Offices or schools or hospitals may not be as unpleasant as mills and factories. The employers may even provide soft lighting and indoor plants. Huge eucalyptuses stand in the corners of offices which are now described as "suites." Wisps of ivy trail over the desks of secretaries who are not to be jarred by calling them such. Casual dress is permitted, and there is group insurance.
Yet it is against their work conditions that the white-collar workers are most likely to be striking. No one seems to have noticed that the computerized technology in white-collar jobs is more and more creating all the more disagreeable features of the assembly line. The yards and yards of printouts in white-collar work are as enslaving as the assembly line was to the factory worker in Chaplin's "Modern Times."
Anyone who has been mystified by the difficulty which accountants seem to have today in getting a chek out of a computer must -- once he has curbed his impatience -- have wondered how badgered the accountants must be in trying to feed the simple request for a remittance into so spiteful a machine in the first place. "Where is my check?" -- the wild cry of the freelancer into the void -- "It is in the process."
If the process is tying up the check, no wonder it is holding up the mail, and no wonder it is mixing up the workers. There is the process, and they go out of their minds. Workers of the world, unite. You have nothing to lose but your brains. That is the cry behind much of the discontent of the white collars. They have to be skilled, but their skills are then not autonomous, they are always in the process.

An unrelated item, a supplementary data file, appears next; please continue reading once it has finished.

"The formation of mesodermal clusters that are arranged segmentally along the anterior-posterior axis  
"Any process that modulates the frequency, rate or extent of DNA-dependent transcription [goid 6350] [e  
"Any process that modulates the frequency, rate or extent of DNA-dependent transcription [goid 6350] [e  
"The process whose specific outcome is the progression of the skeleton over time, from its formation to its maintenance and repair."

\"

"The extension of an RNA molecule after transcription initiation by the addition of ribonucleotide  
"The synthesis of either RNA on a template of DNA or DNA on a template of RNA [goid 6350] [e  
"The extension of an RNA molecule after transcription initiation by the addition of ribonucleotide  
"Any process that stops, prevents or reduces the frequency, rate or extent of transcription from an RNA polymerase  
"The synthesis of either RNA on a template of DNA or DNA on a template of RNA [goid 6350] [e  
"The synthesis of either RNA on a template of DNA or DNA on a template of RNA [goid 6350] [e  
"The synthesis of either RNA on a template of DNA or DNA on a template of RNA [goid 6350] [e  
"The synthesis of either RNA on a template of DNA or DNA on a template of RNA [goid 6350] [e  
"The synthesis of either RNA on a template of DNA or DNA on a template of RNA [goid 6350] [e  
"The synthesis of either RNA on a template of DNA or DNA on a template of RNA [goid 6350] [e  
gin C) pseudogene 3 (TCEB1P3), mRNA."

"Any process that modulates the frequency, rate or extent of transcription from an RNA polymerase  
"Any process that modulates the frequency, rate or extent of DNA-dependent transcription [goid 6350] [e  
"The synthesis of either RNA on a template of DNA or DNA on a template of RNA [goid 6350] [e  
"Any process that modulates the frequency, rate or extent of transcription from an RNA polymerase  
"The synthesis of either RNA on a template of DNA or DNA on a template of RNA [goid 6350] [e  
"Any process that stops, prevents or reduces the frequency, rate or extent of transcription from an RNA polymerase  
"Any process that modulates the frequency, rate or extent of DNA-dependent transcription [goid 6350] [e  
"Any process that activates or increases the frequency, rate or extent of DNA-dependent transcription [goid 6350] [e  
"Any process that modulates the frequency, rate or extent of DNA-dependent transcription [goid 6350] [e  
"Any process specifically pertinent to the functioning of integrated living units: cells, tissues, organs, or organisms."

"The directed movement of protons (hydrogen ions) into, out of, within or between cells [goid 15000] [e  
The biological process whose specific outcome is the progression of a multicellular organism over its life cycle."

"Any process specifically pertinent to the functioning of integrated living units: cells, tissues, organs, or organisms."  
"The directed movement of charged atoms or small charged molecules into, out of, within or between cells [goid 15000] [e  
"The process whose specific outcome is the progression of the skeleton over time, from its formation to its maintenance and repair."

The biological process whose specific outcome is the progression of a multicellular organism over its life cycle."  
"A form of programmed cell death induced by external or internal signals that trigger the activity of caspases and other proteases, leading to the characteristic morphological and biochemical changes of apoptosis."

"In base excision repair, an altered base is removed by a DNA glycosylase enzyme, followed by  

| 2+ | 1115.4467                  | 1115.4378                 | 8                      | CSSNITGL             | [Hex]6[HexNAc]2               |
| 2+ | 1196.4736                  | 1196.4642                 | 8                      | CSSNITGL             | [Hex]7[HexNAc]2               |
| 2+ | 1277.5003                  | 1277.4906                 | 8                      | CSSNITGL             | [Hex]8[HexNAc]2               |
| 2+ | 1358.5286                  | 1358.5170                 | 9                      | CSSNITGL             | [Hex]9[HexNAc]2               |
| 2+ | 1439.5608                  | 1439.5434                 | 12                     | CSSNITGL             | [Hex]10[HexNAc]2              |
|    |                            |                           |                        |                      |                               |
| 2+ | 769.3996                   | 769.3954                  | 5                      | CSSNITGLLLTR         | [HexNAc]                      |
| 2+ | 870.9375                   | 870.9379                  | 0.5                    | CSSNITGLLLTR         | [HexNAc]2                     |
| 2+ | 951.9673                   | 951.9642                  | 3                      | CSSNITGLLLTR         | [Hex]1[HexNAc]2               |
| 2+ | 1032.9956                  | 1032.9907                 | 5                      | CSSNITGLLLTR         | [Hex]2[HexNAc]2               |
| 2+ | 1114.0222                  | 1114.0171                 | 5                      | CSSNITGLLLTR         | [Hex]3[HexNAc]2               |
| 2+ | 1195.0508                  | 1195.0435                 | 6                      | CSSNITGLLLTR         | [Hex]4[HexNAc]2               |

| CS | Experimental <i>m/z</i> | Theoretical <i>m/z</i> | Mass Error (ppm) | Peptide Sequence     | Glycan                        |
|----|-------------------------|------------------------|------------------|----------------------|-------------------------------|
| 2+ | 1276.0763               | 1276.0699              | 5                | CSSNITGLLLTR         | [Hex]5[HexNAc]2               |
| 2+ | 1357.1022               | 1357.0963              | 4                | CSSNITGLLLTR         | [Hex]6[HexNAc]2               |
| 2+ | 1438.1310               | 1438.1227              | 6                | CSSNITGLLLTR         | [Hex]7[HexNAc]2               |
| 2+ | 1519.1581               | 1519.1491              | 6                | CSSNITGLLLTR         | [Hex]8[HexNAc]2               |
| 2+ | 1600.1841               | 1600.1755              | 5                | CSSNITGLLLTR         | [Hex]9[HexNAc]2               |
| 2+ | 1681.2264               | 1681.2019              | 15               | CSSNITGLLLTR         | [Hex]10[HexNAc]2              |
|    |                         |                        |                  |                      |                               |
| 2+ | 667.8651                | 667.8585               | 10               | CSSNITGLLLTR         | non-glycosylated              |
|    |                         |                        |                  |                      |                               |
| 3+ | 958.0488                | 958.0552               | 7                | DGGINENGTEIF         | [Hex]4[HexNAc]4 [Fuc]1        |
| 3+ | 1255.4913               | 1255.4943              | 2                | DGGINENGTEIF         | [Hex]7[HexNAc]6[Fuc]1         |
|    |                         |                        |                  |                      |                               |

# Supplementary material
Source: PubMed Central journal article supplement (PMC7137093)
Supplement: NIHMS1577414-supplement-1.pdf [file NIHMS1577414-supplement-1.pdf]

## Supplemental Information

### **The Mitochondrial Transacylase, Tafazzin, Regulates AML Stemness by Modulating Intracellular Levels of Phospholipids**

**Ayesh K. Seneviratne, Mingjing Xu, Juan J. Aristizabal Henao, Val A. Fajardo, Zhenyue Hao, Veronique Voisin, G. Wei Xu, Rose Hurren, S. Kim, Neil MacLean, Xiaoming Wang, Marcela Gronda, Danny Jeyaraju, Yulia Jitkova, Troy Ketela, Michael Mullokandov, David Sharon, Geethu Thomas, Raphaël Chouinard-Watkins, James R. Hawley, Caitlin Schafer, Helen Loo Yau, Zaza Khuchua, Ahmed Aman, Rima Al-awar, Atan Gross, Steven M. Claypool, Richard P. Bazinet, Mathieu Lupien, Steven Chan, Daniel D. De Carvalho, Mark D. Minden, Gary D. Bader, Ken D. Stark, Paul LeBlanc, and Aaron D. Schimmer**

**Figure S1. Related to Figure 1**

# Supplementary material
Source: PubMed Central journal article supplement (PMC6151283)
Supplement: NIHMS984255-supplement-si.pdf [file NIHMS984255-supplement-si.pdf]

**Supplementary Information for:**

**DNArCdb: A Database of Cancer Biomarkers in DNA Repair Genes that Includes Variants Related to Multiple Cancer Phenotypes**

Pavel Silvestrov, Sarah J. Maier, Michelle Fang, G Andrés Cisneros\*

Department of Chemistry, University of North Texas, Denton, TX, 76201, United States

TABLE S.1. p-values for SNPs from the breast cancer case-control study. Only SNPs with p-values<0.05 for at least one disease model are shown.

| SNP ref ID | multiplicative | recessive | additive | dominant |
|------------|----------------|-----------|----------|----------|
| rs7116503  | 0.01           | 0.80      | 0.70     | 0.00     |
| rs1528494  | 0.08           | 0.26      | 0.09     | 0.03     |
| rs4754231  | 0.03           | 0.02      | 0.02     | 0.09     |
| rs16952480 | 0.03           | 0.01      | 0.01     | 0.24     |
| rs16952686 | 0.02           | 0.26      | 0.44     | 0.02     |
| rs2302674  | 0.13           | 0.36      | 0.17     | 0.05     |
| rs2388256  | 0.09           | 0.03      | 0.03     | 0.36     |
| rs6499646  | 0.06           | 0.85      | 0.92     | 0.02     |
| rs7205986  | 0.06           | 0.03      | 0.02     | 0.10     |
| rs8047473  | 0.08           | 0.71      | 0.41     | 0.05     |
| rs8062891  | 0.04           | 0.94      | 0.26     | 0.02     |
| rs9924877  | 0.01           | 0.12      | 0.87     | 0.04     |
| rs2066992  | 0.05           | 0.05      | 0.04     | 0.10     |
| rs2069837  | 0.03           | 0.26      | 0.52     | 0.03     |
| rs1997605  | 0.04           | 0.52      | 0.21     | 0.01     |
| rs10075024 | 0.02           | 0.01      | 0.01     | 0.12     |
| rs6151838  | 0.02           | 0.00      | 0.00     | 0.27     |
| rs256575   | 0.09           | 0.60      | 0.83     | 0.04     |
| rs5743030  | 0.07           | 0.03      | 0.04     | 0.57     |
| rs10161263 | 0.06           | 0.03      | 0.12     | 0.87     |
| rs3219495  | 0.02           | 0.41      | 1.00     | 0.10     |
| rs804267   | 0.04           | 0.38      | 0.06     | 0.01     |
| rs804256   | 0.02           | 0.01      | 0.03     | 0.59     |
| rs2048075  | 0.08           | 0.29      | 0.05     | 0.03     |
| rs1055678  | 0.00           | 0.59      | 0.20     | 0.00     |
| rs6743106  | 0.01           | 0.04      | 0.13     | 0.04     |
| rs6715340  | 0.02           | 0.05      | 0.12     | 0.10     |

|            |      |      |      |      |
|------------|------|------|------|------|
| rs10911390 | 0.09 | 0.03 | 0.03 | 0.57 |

Process is exactly the equivalent today of the assembly line. the air controllers have not received much sympathy for their complaints about the pressure of their work. Too much stress has been placed on the particular strains of their jobs. The simple fact is that in a more acute form they have to endure a pressure which is felt much more generally.
But then a further anxiety is added to the life of the white-collar worker. If the computer seems to be so independent -- if the check makes its invisible way through the process, untouched by human hand until it is grabbed by the starving payee -- then is the worker not replaceable? If the supervisors can run the show, then who cannot do the job? It is troubling if bosses begin to think that they can do a job.
So when one reads that white-collar workers are disturbed about their status, that they are beginning to organize in unions as never before, that those unions are becoming more militant and just pigheaded, that the right to organize is becoming almost more a white-collar than a blue-collar cry, then one must consider that insecurity is a likely cause.
Status may seem a rather high-flown and artificial thing to be worried about. But concern with status is a symptom of insecurity. There is also the need for respect. White-collar workers, simply because they are not on starvation wages, will be prickly about respect. Nurses who now perform some of the tasks which had to wait for the doctor in his rounds will feel a right to more respect as well as more pay.
Even baseball players will now be found exercising their brains as well as their brawn. Teachers are understandably more and more confused about their functions: So much is put on them, in one way; in another, so little is asked. Doctors can feel put-down by the ever more inaccessible administrators who increasingly control the hospital. Air controllers do not enjoy the visibility of pilots.
The secretary of transportation admitted that it is "probably a legitimate charge" that the Federal Aviation Administration is "a bad boss to work for." When government is so preponderantly an employer of white-collar workers, it ought to worry about its own character as a boss in general, for it has to look only to private enterprises to see that the white-collar revolt is in the making in society at large.Boy, is it in process!